Microprocessor communications have received a boost from the integration of electronics and photonics in silicon — a first step towards low power consumption and efficient computing systems. See Letter p.534
Ever since the demonstration of the first microprocessor, 'smaller, cheaper, faster' has been the motto of the microelectronics evolution that enables ever-more-densely packed circuits to speed up computer performance. But a bottleneck now exists in terms of speed and power consumption for on-chip data communications; for instance, conventional wires lose energy and reduce the communication speed. A full transition to optical-link technology using photons would overcome these limitations, because photonic devices have no speed constraints and use less energy than conventional electronics1. Because silicon is the main material for complementary-metal-oxide-semiconductor (CMOS) technology, which is widely used by the electronics industry, it has been the subject of intense research in photonics, giving rise to what has been called the silicon photonics age2. Using the same material for electronics and photonics in a single circuit could increase performance and reduce the power consumption of integrated chips. On page 534 of this issue, Sun and co-workers3 report a big advance in such efforts: a microprocessor that communicates using light.
Despite the growing interest in silicon photonics and the development of efficient integrated devices (circuits) on silicon-on-insulator (SOI) wafers, only a few complete electronic–photonic circuits have been demonstrated. This is because the silicon substrate for photonics is very different from the standard substrates used in electronics — and even slight changes to CMOS technology can degrade the performance of the transistors used in microchips. As such, developing a process to merge electronics and photonics on a single chip is highly challenging4,5.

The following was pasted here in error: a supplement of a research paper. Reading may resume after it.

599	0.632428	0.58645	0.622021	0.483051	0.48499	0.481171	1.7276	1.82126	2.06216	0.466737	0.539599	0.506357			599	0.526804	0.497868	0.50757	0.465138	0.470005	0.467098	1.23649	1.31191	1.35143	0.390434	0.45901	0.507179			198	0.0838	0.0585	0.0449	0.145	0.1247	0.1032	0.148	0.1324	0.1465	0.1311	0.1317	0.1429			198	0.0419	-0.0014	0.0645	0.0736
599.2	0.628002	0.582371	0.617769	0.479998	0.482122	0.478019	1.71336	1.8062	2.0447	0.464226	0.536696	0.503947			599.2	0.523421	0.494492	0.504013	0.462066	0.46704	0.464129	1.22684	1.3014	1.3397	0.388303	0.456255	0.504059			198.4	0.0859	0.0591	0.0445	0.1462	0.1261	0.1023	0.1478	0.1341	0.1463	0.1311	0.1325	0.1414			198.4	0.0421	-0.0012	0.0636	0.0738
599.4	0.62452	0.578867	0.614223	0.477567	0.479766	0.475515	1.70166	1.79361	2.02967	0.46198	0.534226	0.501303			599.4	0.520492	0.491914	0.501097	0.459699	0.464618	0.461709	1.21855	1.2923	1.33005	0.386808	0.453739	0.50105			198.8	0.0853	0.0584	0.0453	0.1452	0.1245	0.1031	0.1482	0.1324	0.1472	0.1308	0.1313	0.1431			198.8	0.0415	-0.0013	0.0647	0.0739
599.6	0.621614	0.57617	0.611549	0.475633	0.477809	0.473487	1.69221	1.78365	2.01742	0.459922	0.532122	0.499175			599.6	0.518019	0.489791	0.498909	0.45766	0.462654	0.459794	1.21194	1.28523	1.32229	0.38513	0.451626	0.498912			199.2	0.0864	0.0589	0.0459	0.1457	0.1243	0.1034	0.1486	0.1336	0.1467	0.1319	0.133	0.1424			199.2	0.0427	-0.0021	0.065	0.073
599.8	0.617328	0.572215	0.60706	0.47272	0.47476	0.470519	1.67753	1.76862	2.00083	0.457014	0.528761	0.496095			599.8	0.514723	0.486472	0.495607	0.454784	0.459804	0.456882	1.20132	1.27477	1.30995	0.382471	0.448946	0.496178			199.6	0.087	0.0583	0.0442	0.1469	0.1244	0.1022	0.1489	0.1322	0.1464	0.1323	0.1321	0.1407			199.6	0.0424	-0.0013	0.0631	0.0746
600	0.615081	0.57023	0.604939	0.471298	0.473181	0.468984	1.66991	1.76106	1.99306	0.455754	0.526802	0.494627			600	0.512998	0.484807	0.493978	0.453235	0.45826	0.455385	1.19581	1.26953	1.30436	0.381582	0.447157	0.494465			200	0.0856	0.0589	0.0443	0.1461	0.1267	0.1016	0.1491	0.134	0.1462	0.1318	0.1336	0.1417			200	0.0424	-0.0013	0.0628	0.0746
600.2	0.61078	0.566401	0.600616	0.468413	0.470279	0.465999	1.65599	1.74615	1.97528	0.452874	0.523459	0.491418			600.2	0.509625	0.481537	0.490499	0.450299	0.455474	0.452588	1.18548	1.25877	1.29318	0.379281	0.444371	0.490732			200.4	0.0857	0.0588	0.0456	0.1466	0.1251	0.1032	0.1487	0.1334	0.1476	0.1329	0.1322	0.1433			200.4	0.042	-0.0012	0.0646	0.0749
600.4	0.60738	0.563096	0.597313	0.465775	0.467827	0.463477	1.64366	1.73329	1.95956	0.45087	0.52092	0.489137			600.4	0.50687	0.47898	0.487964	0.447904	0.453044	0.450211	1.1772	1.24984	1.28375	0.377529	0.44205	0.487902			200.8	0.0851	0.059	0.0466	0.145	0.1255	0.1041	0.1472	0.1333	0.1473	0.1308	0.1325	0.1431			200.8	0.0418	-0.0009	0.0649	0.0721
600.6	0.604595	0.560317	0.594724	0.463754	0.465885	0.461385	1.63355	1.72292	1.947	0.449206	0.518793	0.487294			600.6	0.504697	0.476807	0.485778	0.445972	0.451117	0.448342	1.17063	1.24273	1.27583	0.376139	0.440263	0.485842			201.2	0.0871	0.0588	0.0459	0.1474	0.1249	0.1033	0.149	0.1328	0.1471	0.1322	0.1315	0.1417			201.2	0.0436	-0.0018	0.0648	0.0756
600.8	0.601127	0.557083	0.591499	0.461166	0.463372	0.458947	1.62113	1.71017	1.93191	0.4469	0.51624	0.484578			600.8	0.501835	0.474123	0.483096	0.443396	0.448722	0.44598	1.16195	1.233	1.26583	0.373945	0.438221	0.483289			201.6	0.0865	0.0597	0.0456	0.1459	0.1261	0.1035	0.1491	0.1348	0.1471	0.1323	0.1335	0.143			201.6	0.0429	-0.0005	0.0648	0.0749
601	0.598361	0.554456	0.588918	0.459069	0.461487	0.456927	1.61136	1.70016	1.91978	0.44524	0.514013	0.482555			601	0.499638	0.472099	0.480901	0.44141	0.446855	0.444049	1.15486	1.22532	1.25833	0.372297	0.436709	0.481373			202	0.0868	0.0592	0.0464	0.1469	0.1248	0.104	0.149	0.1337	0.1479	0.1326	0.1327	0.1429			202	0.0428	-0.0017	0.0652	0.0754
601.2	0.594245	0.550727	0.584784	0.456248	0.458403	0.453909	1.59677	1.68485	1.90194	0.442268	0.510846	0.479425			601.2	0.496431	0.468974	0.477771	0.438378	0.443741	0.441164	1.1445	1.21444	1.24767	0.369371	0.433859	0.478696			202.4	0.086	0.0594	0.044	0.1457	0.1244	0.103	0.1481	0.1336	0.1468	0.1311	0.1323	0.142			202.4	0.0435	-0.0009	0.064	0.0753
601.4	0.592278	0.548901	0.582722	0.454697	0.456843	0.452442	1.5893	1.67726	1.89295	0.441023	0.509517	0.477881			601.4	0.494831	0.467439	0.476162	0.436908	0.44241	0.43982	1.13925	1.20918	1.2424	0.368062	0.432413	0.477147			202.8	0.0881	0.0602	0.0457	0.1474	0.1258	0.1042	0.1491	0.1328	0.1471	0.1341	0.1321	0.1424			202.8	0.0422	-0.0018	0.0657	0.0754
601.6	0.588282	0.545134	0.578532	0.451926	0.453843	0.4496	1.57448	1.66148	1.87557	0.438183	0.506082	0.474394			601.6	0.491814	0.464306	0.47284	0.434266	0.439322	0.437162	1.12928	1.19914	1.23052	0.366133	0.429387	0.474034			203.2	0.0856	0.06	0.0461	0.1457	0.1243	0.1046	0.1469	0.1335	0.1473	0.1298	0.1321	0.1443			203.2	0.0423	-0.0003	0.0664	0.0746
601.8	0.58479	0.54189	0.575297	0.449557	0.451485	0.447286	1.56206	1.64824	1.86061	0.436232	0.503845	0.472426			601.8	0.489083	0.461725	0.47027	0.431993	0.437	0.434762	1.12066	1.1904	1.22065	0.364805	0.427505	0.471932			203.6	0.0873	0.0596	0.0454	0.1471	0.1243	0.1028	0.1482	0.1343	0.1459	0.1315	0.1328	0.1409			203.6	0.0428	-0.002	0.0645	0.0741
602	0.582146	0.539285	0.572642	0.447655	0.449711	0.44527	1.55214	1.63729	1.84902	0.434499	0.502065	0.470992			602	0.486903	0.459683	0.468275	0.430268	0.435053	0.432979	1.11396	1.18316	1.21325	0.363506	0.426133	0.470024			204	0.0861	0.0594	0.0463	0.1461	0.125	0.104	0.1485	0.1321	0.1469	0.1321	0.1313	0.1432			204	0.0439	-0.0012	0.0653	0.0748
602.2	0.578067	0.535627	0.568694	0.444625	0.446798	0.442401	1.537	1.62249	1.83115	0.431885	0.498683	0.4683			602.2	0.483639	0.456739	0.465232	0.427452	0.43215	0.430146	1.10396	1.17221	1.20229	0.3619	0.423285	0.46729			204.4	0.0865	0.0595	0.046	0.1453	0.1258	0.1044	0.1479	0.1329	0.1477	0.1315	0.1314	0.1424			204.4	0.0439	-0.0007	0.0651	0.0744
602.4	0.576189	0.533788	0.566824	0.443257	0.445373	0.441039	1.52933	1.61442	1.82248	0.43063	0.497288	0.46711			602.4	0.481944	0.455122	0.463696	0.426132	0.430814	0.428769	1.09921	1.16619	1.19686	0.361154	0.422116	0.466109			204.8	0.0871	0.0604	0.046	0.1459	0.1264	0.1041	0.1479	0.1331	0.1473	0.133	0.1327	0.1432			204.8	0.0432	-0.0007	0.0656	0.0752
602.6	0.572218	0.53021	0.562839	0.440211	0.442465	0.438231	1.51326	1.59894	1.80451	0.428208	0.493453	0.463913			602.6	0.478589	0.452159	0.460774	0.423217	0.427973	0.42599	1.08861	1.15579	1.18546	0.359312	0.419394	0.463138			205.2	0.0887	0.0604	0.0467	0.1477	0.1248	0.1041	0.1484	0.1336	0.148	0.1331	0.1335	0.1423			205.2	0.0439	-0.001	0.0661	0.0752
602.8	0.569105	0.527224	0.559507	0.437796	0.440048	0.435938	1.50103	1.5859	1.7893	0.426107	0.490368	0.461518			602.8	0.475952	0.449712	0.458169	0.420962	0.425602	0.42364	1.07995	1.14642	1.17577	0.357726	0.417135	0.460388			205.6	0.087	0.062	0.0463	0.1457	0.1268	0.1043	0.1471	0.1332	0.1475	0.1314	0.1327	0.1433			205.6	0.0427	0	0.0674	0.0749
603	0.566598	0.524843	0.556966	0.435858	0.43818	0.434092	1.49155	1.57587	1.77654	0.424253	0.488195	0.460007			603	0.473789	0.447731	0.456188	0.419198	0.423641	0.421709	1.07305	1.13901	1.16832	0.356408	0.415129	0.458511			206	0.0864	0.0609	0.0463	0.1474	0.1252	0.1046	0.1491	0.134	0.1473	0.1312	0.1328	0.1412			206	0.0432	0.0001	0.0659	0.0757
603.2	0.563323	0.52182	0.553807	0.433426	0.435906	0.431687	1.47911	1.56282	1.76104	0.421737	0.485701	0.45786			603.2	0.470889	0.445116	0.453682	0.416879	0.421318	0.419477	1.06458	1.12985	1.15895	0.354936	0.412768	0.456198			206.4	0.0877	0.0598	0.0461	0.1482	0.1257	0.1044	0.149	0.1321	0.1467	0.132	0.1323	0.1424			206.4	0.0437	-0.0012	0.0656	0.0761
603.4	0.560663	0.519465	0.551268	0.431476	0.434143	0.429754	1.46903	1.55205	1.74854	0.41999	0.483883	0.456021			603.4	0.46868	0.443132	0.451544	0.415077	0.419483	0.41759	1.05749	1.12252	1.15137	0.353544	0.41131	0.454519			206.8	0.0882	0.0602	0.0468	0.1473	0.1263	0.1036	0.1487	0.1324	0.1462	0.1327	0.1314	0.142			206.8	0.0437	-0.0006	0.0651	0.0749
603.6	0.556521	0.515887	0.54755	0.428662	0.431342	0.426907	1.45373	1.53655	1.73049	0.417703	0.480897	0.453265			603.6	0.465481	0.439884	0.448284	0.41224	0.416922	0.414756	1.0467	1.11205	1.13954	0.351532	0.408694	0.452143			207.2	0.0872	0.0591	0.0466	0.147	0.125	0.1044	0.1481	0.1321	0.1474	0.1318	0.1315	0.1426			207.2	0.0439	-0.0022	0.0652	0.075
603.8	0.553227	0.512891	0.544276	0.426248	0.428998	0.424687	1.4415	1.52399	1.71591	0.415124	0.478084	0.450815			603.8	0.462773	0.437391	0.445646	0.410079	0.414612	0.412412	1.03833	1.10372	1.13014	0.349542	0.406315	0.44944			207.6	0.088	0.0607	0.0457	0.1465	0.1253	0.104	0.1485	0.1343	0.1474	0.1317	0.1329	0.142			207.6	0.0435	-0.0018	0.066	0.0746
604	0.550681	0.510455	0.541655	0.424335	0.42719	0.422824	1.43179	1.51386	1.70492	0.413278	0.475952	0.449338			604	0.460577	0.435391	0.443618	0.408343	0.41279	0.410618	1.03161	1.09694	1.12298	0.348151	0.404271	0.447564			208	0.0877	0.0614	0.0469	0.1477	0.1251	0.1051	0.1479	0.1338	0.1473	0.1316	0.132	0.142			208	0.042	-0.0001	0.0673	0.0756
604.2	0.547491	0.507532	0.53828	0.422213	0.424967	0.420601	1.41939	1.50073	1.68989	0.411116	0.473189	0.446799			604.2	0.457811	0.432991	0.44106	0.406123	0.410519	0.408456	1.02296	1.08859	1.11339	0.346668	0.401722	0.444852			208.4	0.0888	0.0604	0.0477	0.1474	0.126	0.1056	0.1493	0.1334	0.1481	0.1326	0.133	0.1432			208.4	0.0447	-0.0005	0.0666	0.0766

The first reported strategy for electronic–photonic integration used the 'front-end' approach6, in which transistors and photonic devices are placed on the same layer of a silicon chip. The chosen method of fabricating such chips was based on a custom CMOS electronic process on a non-standard SOI substrate, and enables high-speed light propagation on the chips.
But even if this integration solution was reliable for producing efficient on-chip transceivers for data input and output, developing a more complex on-chip system using state-of-the-art electronics would require large investments of money and technological-process development. Furthermore, the main proposed integration solutions would involve a multichip approach2 in which the photonic and electronic circuits are fabricated independently using different processes, optimized for each technology, and brought together through a bonding technique. Such multichip integration may be the most economical solution in the short term.